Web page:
concerning whether it should be (1) centralized or decentralized, (2) administered
by the judiciary or the executive branch, and (3) combined with parole services or
not. Should Probation Be Centralized or Decentralized? The centralization issue
concerns the location of the authority that administers probation services.
Proponents of decentralization argue that an agency administered by a city or
county instead of a state is smaller, more flexible, and better able to respond to the
unique problems of the community. Because decentralized probation draws its
support from the community and the local government, it can offer moreappropriate supervision for its clients and make better use of existing community
resources than centralized probation can. In contrast, centralization places
authority for a state’s probation activities in a single statewide administrative body.
Proponents of this approach assert that local probation has tended to follow
outdated practices and to lack professionalism. State agencies, they argue, are
larger, can train staff to take a variety of roles, and can implement broader programs
with greater equality in supervision and services. (For information on how
California’s state legislature has treated probation, see “California Public Safety
Realignment.”) Who Should Administer Probation? Though the recent trend has
been away from judicially administered probation, many observers (especially
those who seek greater accountability in probation) believe that the probation
function rightfully belongs under the judiciary. The usual claim is that under judicial
administration, probation is more responsive to the desires of the sentencing judge,
who is more likely to scrutinize supervision when it is performed by judicial
employees. Also, the morale of probation officers who work closely with judges may
be higher than that of other probation officers. Proponents of placing probation
under the executive branch argue that the judiciary is ill prepared to manage a
human services operation. To coordinate and upgrade the quality of a human
services operation such as probation requires the full attention of professional
public administrators. It is argued that placing probation under the executive
branch results in better allocation of probation services, increased interaction and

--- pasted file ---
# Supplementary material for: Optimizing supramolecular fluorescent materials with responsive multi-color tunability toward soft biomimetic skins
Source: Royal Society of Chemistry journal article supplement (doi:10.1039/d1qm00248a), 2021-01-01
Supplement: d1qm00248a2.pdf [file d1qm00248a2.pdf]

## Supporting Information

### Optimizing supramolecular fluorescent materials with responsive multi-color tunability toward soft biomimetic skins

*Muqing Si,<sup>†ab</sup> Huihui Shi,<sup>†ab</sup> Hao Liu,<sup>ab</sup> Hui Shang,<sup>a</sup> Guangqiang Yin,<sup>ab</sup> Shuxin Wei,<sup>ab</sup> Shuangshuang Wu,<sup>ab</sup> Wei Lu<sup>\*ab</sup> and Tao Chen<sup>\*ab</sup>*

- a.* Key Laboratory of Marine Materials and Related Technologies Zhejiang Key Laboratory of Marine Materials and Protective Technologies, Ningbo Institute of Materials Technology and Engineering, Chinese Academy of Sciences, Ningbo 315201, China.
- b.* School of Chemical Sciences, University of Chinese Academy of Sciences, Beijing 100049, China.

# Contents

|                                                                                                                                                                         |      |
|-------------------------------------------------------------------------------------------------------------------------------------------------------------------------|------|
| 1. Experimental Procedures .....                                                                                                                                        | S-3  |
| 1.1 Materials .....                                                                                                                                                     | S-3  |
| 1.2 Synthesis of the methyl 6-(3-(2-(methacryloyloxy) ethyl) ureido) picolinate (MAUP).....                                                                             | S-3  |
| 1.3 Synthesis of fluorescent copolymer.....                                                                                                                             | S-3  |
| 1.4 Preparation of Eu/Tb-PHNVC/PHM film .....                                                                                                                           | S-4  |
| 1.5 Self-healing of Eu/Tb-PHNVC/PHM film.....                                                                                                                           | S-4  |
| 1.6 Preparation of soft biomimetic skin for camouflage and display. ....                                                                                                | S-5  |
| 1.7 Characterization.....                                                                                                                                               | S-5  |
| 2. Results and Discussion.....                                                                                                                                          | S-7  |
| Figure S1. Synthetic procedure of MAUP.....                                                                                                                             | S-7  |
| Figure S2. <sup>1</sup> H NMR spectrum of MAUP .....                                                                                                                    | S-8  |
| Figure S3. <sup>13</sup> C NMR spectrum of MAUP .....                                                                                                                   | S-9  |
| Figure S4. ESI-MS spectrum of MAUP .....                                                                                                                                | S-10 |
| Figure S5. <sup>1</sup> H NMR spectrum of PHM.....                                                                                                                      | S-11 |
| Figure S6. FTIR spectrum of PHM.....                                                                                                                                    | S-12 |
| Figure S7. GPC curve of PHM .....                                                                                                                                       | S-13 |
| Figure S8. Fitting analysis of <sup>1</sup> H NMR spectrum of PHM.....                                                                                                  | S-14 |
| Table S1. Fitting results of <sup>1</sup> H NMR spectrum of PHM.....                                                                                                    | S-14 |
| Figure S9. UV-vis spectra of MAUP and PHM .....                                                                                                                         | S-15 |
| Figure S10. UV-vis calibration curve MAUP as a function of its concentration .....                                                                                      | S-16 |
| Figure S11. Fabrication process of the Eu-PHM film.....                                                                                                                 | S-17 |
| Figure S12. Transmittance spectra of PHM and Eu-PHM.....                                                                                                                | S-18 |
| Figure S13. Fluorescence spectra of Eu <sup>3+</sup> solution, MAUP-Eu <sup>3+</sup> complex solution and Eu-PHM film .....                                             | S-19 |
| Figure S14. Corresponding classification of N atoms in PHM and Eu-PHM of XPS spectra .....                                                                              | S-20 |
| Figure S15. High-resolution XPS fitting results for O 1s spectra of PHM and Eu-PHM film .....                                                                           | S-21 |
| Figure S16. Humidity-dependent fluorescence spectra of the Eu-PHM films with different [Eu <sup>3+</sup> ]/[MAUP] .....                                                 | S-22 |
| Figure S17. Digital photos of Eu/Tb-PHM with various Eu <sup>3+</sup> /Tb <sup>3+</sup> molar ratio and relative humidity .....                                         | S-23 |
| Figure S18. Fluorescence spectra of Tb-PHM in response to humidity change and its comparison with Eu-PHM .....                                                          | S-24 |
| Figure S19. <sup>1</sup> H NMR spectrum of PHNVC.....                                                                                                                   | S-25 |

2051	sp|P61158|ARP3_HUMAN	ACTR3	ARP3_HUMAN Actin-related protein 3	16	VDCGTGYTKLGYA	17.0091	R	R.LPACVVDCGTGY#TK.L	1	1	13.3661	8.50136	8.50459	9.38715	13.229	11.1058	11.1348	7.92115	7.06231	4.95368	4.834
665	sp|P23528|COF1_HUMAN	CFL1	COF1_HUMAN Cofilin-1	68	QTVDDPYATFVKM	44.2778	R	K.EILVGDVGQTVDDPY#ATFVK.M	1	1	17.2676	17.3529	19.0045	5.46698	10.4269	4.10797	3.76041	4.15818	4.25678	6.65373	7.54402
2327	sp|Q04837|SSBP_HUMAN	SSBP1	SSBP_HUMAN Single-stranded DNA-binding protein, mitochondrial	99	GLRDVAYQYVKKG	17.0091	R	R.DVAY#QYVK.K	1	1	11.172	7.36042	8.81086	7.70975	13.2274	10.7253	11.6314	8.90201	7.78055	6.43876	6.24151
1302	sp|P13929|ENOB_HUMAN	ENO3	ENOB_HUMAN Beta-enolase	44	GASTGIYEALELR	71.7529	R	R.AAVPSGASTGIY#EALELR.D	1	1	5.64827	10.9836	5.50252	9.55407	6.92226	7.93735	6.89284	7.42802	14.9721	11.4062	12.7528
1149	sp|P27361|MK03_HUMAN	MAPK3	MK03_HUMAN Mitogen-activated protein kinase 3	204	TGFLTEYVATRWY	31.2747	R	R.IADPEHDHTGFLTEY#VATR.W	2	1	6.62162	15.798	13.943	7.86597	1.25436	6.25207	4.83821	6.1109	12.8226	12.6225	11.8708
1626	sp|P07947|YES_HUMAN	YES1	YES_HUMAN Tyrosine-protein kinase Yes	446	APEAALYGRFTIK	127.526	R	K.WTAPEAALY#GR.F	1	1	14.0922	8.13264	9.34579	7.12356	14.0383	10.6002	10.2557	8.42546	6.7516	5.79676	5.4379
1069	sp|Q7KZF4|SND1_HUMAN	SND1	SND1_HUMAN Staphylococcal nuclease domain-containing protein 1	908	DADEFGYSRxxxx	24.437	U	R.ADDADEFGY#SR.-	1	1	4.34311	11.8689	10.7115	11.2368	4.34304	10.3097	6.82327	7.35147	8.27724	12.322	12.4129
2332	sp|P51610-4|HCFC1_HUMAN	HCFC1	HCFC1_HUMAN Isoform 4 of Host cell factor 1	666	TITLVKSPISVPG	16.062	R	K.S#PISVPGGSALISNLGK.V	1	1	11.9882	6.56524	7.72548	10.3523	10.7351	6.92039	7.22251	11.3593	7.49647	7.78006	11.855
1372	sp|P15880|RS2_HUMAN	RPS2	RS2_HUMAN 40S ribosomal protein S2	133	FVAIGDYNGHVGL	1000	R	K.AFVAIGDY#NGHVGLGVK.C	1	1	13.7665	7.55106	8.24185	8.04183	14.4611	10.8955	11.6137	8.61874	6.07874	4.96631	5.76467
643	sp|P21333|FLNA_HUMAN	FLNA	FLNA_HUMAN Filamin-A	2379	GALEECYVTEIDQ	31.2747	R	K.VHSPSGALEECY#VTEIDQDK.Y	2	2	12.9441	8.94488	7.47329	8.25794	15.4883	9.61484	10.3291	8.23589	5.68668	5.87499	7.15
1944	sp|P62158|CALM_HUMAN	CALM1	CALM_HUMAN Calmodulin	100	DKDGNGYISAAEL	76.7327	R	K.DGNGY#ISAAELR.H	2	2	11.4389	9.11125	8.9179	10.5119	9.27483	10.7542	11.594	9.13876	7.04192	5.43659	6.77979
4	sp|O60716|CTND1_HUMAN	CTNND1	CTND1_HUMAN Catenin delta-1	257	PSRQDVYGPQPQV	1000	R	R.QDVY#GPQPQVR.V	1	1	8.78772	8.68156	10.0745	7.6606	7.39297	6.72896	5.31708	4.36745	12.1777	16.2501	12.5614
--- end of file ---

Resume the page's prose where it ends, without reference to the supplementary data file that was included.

administrative coordination between corrections and allied human services,
increased access to the legislature and the budgeting process, and more-appropriate
service priorities.
Should Probation Be Combined with Parole? Probation and parole both supervise
offenders who are serving portions of their sentences in the community. Indeed, the
growth in the use of split sentences and shock probation means that probation often
begins after a jail or even prison term—just as with parole. Because of these
similarities, many states have placed probation and parole functions under a single
agency, which promotes more-efficient hiring and training practices. Arguably, such
comprehensive approaches also promote the professionalization of community
supervision officers. However, some experts suggest that subtle but important
distinctions between probationers and parolees are hard to sustain in a unified
system. Probationers are usually less deeply involved in criminal lifestyles, while
parolees face serious problems in reentering the community after longer
incarceration (see Chapter 16). These differences call for different handling, which
some people believe can best be done by separate agencies. No solution to the
problem of how to organize probation is at hand. Rather than searching for a single
“best” way to organize probation, considering how it will work in a given state or
region may be more fruitful. For example, in jurisdictions with a tradition of strong
local government, decentralized probation under the executive branch may be best,
whereas states with a strong central bureaucracy or strong judiciary may choose to
place probation there. Figure 8.3 shows that states vary dramatically in their use of
probation. Further, no clear pattern has appeared in the relationship between the
way probation is organized and how frequently it i …